The second half of the chapter describes how to specify a spoken language corpus, first in terms of the required linguistic content and, second, in terms of the number and types of speakers involved. The latter issue is dealt with in some detail, and relevant speaker characteristics are covered which, among many other things, include the age and sex of each speaker, their smoking and drinking habits, and whether or not they have received any professional speech training .
The chapter on ``spoken language corpus collection'' concentrates on the practical aspects of collecting spoken language material. In the first part, the dimensions of data collection are described which cover different recording scenarios such as studio versus location recording, or interviews versus read material , for example. It is also pointed out that important data about spoken language may be collected from sensors other than a microphone , for example by means of multi-channel recordings of signals derived from laryngography , electropalatography or NMR (Nuclear Magnetic Resonance) imaging.
The second part of this chapter contains recommendations for the actual collection of spoken language data covering the necessary equipment and the data management protocols needed. The legal aspects of recording arbitrary spoken language material are also discussed and appropriate recommendations given. It is the intention that the recommendations contained within this chapter should enable any reasonably competent person to establish a suitable recording environment that will deliver data in a controlled manner and to an acceptable level of technical quality.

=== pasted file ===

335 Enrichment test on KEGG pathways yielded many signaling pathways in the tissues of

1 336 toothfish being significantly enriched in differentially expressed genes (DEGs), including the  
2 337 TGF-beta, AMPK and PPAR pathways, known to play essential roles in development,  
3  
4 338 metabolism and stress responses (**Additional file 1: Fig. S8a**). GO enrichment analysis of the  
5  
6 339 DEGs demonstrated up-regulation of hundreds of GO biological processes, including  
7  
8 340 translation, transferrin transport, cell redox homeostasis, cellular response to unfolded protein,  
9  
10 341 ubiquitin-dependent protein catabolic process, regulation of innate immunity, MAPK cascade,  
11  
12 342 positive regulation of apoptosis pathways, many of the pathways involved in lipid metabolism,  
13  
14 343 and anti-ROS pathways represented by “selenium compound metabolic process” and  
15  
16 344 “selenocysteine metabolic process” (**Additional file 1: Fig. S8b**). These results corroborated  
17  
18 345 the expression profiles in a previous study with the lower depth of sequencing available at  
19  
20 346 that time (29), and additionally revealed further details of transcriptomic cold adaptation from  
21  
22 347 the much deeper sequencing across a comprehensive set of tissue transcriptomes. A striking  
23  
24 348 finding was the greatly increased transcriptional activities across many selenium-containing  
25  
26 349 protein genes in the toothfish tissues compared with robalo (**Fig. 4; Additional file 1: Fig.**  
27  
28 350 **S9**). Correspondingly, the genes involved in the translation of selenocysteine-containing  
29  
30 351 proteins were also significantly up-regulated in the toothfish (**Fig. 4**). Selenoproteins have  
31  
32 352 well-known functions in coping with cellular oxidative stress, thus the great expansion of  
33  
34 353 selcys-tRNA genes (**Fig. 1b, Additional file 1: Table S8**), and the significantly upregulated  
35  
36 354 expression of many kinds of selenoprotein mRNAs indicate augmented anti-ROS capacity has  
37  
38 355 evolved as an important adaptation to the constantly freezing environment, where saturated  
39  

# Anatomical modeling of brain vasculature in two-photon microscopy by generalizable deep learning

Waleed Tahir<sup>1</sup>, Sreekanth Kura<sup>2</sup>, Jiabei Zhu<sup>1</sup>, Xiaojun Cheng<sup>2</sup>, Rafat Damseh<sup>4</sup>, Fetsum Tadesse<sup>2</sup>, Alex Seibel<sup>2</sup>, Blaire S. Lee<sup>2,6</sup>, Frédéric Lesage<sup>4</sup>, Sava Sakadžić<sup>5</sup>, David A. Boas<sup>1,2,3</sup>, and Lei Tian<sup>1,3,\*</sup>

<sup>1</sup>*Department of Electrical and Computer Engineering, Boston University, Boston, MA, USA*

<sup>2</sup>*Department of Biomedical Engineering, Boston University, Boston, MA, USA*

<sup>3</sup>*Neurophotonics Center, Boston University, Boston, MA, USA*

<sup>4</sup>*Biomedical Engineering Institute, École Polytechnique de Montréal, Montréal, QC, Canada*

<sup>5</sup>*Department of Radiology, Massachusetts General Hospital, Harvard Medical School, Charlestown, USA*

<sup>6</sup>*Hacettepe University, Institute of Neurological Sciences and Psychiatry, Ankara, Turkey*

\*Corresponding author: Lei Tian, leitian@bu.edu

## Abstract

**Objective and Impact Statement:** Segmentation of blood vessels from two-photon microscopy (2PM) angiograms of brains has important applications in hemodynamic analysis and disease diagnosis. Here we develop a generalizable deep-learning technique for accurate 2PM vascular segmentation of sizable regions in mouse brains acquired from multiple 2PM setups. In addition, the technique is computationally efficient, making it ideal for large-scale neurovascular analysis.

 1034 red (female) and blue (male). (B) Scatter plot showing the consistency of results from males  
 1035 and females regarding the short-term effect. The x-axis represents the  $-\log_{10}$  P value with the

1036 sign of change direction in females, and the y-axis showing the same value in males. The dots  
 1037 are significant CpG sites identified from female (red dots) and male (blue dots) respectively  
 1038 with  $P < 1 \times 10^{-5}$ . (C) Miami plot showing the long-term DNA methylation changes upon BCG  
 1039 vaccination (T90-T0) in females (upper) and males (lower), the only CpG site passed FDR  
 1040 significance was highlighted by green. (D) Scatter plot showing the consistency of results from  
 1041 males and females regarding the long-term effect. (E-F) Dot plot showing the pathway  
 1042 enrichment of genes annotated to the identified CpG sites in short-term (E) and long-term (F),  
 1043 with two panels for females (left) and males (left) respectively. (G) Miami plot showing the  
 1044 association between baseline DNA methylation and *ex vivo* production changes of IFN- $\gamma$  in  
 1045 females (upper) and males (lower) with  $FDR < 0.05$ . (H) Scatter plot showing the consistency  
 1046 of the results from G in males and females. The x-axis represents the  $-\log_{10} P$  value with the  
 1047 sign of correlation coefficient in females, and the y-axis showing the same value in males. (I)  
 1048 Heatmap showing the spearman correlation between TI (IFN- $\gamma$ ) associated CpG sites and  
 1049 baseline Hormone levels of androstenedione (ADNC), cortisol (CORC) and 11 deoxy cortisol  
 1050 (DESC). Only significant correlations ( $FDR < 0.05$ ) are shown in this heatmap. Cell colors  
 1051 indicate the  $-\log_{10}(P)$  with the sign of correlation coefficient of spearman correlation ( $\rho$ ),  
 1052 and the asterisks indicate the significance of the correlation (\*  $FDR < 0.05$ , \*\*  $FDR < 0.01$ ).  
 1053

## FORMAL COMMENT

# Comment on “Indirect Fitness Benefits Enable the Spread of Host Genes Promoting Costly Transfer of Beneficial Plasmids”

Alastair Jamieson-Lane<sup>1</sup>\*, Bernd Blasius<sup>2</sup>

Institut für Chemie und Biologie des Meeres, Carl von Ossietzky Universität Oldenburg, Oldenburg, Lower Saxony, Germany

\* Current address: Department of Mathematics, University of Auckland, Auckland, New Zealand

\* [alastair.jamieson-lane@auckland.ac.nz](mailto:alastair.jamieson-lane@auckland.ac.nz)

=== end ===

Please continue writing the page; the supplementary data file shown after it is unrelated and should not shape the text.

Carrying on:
The chapter on ``spoken language corpus representation'' describes how, to be of value, a set of ``raw'' speech recordings needs to be augmented with symbolic annotation covering a range of phonetic and linguistic levels of description. The transcription of spoken language data is discussed (including problems which arise with spontaneous speech or overlapping speech in dialogues), and mechanisms for segmenting and labelling the data are described. This is followed by an extensive presentation of the many possible representational structures ranging from simple orthography, through detailed low-level acoustic-phonetic analysis, to prosodic transcription and other non-linguistic phenomena (such as hesitations or acoustic non-speech events, for example).